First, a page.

Lydall CEO Sara Greenstein on Friday told CNBC’s Jim Cramer that the company is working with the Biden White House to help replenish the national stockpile of personal protection equipment, and she expects demand for specialty filtration products to be greater beyond the pandemic.
The Manchester, Connecticut-based company makes specialty filtration material that is used in N95 respirators and surgical masks, items that are especially critical for health-care and frontline workers during a health crisis.
Greenstein said in a “Mad Money” interview that President Joe Biden’s administration is “actively pursuing efforts” to build a strategic stockpile.
As part of his first actions after taking office last month, President Joe Biden invoked the Defense Production Act to bolster supply chains for PPE to refill U.S. inventories. Lydall last summer received a $13.5 million federal contract under the previous administration to increase domestic production of meltblown air filtration media, a fabric component in N95 respirators that’s made to shield germs.
The company expanded capacity to meet demand for materials, with one line up and running at full production and sold out “for the foreseeable future,” Greenstein said. Two more lines are expected to be up and running by the third quarter, she said.
The increased production allows Lydall to make enough material for 140 million N95 masks each month, up from about 21 million per month roughly a year ago. The company has said the U.S. will need about 2 billion respirators per year. Demand for surgical masks and other consumer masks are expected to remain elevated beyond the pandemic.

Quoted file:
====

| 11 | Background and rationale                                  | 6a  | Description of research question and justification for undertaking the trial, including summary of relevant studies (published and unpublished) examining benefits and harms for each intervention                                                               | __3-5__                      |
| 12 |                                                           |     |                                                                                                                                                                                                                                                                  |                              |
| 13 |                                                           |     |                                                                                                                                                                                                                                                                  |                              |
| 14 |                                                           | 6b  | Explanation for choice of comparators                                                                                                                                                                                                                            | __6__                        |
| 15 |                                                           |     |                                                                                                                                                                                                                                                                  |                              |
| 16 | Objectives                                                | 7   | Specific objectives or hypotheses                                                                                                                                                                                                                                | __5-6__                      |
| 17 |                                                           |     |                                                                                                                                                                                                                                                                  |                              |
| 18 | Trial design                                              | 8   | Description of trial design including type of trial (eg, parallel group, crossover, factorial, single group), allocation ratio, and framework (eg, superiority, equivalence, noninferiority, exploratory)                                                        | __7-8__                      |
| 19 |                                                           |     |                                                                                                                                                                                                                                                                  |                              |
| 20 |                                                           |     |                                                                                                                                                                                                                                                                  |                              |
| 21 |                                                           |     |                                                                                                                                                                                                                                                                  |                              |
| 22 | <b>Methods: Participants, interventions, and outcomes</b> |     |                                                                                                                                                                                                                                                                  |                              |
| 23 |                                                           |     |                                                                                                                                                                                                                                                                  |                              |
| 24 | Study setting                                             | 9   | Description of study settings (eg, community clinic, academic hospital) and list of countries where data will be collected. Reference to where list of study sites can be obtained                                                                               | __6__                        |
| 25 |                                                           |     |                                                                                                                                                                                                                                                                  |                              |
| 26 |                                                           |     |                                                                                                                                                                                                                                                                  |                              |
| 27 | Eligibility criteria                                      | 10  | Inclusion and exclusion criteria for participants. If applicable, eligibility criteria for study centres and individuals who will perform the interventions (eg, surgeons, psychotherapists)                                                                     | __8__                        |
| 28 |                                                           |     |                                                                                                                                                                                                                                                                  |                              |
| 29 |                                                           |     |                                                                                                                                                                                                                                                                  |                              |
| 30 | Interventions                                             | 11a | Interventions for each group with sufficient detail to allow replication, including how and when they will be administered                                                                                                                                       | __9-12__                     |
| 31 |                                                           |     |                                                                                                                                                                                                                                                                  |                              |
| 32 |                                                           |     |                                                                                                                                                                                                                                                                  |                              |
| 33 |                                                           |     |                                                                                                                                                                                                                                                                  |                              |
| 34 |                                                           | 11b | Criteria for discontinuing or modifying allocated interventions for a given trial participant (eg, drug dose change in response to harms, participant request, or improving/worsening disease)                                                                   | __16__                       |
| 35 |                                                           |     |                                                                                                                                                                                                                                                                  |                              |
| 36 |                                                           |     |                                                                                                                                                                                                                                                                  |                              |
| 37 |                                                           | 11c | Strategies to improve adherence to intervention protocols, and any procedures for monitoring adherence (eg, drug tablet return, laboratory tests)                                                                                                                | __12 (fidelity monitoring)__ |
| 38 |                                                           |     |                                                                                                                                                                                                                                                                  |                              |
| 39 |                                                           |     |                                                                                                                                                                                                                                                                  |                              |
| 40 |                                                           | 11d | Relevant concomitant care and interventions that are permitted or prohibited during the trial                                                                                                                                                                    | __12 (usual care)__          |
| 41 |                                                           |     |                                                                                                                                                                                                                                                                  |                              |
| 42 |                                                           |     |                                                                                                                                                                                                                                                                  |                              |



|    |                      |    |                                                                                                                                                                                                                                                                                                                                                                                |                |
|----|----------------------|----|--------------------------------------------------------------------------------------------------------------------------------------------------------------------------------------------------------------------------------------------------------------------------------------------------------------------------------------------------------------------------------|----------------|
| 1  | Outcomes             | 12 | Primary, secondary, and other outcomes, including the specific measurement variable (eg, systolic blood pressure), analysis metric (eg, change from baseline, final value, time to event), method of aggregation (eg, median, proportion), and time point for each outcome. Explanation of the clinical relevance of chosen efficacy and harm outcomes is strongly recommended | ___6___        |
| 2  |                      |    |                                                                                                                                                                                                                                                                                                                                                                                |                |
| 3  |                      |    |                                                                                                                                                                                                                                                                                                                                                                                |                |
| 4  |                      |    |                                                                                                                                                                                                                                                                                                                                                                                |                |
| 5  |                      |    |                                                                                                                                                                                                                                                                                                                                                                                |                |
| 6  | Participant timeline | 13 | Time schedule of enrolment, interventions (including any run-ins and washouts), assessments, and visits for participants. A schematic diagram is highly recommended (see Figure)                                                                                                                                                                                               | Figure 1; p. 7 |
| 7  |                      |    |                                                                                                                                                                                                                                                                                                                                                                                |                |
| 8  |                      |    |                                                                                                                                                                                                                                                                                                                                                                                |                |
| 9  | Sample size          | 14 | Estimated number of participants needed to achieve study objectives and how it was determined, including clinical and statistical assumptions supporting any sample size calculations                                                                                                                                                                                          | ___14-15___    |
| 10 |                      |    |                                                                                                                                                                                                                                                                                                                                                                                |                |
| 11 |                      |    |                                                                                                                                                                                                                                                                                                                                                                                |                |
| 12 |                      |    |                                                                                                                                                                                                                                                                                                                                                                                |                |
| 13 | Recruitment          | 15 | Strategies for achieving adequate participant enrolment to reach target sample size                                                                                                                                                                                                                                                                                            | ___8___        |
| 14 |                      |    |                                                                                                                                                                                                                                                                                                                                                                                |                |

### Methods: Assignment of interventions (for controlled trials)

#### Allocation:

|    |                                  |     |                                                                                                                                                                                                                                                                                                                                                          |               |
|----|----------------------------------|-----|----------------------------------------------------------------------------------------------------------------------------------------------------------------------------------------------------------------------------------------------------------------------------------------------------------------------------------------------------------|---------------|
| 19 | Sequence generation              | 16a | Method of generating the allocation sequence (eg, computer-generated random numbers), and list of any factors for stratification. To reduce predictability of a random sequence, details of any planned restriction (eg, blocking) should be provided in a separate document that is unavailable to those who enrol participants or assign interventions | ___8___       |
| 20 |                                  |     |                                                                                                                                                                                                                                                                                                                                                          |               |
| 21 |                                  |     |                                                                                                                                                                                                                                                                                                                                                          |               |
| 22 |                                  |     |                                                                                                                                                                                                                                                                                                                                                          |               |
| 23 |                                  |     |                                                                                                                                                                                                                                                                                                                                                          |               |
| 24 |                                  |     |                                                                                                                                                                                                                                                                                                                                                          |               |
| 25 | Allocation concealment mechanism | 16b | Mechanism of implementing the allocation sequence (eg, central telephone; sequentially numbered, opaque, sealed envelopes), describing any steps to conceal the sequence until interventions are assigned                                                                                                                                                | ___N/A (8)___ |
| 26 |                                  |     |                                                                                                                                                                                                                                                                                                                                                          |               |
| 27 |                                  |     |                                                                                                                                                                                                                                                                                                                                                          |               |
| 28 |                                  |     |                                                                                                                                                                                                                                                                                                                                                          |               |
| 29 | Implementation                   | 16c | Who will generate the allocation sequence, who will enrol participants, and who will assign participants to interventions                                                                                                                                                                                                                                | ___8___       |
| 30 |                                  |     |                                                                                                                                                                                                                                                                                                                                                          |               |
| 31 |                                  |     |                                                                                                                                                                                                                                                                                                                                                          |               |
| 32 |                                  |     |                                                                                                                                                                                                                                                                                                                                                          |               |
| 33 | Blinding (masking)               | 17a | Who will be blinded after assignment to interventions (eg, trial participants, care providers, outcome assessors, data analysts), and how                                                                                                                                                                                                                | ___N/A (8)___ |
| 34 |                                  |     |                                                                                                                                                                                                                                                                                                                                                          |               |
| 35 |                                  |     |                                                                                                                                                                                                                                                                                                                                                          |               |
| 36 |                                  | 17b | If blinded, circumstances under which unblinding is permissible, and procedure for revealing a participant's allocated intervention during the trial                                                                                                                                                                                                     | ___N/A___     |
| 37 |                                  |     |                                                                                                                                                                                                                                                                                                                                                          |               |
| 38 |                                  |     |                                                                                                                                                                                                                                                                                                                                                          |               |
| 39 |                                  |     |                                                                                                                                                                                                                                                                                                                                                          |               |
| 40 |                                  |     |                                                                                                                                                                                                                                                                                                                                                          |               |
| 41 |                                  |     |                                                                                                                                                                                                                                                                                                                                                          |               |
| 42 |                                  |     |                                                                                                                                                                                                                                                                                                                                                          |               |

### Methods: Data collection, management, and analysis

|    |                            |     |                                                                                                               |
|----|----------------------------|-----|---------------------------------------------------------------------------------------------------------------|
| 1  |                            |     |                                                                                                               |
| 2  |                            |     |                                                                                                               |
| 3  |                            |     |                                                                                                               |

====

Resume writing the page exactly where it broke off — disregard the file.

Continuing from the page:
“We fully anticipate that national stockpiles around the globe, including here in the U.S., will need to rebuild and replenish, which is why we expect strong demand for well-made PPE through at least the end of 2022,” Greenstein said.
Lydall is also a supplier of thermal and acoustical products, including for buildings and auto end markets. The $622 million company, which has been around for 150 years, reported $764 million of revenue in 2020, a nearly 9% decline from the year prior.
Making supplies for PPE has been Lydall’s main focus the past year, but indoor and outdoor air quality products will be a big driver of business post-pandemic, as it was prior to Covid-19.
Specialty filtration is an important component for the expanding indoor air quality market and a shift to higher efficiency filtration is only expected to accelerate if new and stricter standards are put in place around the world, Greenstein said.
As companies bring employees back into the office, it will create an estimated $3 billion market alone, Greenstein said, adding that another $15 billion market will emerge as buildings are brought up to new codes going into place.
“The demand for higher-performing specialty filtration solutions will dwarf the demand that we’re seeing today for PPE,” she said.
Prior to the coronavirus pandemic, Lydall’s revenues grew double digits in 2017 and 2018 before rising 6.6% to $837.40 million in 2019. The company reported net income of more than $70 million the past two years, though it was posting net income of at least $20 million going back to 2014.
Lydall shares rose 4% Friday to $34.83 at the close. The stock is up 16% through the first two months of the year, extending its gains after rising 46% last year.